In saving the life of South Africa’s future president, Fischer sacrificed his own freedom. Soon after the trial, Fischer was arrested and put on trial for his activities with the South African Communist Party, long outlawed by the government. There was never any doubt about his “guilt” — the party was illegal, and Bram Fischer was one of its pillars. Somehow, Fischer had kept his ”subversive” activities out of view — up to now. As friends urged him to take Mandela’s case, Fischer knew the public spectacle of a treason trial would expose him. Nevertheless, he persisted. One friend who had urged him to take the case, not knowing of Fischer’s risk, said later: “He deserves the Victoria Cross.”
I know I should move on, but this story is just too good to leave at this point, so please bear with me. Before his trial, Fischer was allowed to travel to London to handle a patent case. The judge let him leave South Africa because upon his promise to return. “I am an Afrikaner,” Fischer said. “My home is South Africa. I will not leave my country because my political beliefs conflict with those of the Government.” Return he did — but not to sit in a courtroom. Instead, Fischer went underground to continue his fight against apartheid. He wrote to the judge:
“… (My) absence, though deliberate, is not intended in any way to be disrespectiful. Nor is it prompted by any fear of the punishment which might be inflicted on me. Indeed I realize fully that my eventual punishment may be increased by my present conduct …
“My decision was made only because I believe that it is the duty of every true opponent of this Government to remain in this country and to oppose its monstrous policy of apartheid with every means in his power. That is what I shall do for as long as I can. …”
Fischer was found guilty in 1965 in absentia and disbarred. Later that year he was arrested and put on trial again for trying to overthrow the government. He was convicted and received a life sentence. Before long the personable and dynamic inmate became a prison leader, popular even with the warden. While prisoners in South Africa at the time usually were released early, political prisoners were singled out for harsh treatment, compelled to serve every day. Fischer’s life sentence was shortened only by fate — he died of cancer in 1975. The authorities punished him to the end, neglecting his treatment. Only in his last weeks did the regime — pressed by the public and international outcry — allow him to die at his brother’s home in Bloemfontein. Unlike Mandela, Fischer would not see apartheid fall in 1991.
Since his death, Fischer’s reputation has been restored. In 2002, he became the first South African reinstated to the bar posthumously. The airport in Bloemfontein was renamed Bram Fischer International Airport in 2012. Oxford hosts an annual Bram Fischer Memorial Lecture.
Mandela counted Fischer among the “bravest and staunchest friends of the freedom struggle that I have ever known.” He noted that with his pedigree and talents, Fischer could have become South Africa’s prime minister. “As an Afrikaner whose conscience forced him to reject his own heritage and be ostracized by his own people, he showed a level of courage and sacrifice that was in a class by itself,” Mandela said. “No matter what I suffered in my pursuit of freedom, I always took strength from the fact that I was fighting with and for my own people. Bram was a free man who fought against his own people to ensure the freedom of others.”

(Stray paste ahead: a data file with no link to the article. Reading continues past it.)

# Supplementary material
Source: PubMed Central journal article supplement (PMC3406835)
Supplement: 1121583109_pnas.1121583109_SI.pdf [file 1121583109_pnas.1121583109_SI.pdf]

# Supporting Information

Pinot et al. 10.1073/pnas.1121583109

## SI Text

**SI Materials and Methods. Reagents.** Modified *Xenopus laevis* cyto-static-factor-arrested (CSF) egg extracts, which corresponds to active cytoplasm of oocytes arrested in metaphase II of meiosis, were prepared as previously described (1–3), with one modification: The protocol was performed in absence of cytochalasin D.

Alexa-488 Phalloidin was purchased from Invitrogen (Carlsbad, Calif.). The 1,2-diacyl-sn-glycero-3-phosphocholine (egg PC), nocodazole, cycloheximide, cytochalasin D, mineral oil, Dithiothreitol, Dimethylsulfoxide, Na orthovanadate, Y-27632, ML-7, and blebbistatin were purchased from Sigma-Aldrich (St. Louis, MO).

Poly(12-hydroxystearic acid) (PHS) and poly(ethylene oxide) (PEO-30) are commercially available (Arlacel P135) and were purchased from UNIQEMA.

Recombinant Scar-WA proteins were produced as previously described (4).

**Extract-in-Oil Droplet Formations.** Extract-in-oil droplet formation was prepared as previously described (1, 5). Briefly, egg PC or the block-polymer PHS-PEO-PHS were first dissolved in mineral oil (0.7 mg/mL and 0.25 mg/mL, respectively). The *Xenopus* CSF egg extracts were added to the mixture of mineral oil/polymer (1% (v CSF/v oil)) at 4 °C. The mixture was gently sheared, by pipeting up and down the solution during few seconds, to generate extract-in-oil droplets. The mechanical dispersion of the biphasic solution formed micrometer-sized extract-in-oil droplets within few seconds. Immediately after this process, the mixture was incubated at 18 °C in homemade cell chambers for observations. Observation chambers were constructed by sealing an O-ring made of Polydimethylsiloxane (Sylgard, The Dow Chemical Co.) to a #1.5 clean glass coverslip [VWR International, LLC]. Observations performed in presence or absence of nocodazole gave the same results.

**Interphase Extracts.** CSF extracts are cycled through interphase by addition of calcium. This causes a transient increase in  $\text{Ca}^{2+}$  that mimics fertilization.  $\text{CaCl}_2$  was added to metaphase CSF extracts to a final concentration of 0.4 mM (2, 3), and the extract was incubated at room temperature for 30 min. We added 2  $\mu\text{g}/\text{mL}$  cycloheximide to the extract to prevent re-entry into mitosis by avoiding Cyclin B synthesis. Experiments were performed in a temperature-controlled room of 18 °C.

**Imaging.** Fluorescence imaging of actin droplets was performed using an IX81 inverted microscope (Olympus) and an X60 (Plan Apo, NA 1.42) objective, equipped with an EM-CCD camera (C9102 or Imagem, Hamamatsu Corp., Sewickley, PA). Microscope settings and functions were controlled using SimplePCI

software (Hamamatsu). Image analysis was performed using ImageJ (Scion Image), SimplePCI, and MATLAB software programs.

I am left wondering — without answers as yet — whether the spark that led to Bram Fischer’s awakening was kindled somehow by the judicial integrity of his father, and before that by his grandfather Abraham Fischer, the one and only president of the Orange River Colony. (I wish someone would find out …)
I will end this tale with more from Bram Fischer, because I think his words resonate today as well as when they were written more than half-a-century ago. In his letter to the court, Fischer declared that he and his co-defendants were being punished “for holding the ideas today that will be universally accepted tomorrow.” More of his words:
“What is needed is for White South Africans to shake themselves out of their complacency, a complacency intensified by the present economic boom built upon racial discrimination. Unless this whole intolerable system is changed radically and rapidly, disaster must follow. Appalling bloodshed and civil war will become inevitable because, as long as there is oppression of a majority, such oppression will be fought with increasing hatred.
“… when the laws themselves become immoral and require the citizen to take part in an organized system of oppression — if only by his silence and apathy — then I believe that a higher duty arises. This compels one to refuse to recognize such laws.”
And: “All the conduct with which I have been charged has been directed towards maintaining contact and understanding between the races of this country. If one day it may help to establish a bridge across which white leaders and the real leaders of the non-white can meet to settle the destinies of all of us by negotiation, and not by force of arms, I shall be able to bear with fortitude any sentence which this court may impose on me. It will be a fortitude, my Lord, strengthened by this knowledge, at least, that for the past 25 years I have taken no part, not even by passive acceptance, in that hideous system of discrimination which we have erected in this country, and which has become a byword in the civilized world.”
Dear reader, we have wandered far indeed from the world of stamp collecting. Isn’t it marvelous? I searched in vain for a stamp commemorating Bram Fischer or his grandfather Abraham. Too bad. Bram Fischer surely ranks as one of history’s great champions of equality and freedom.
TO BE CONTINUED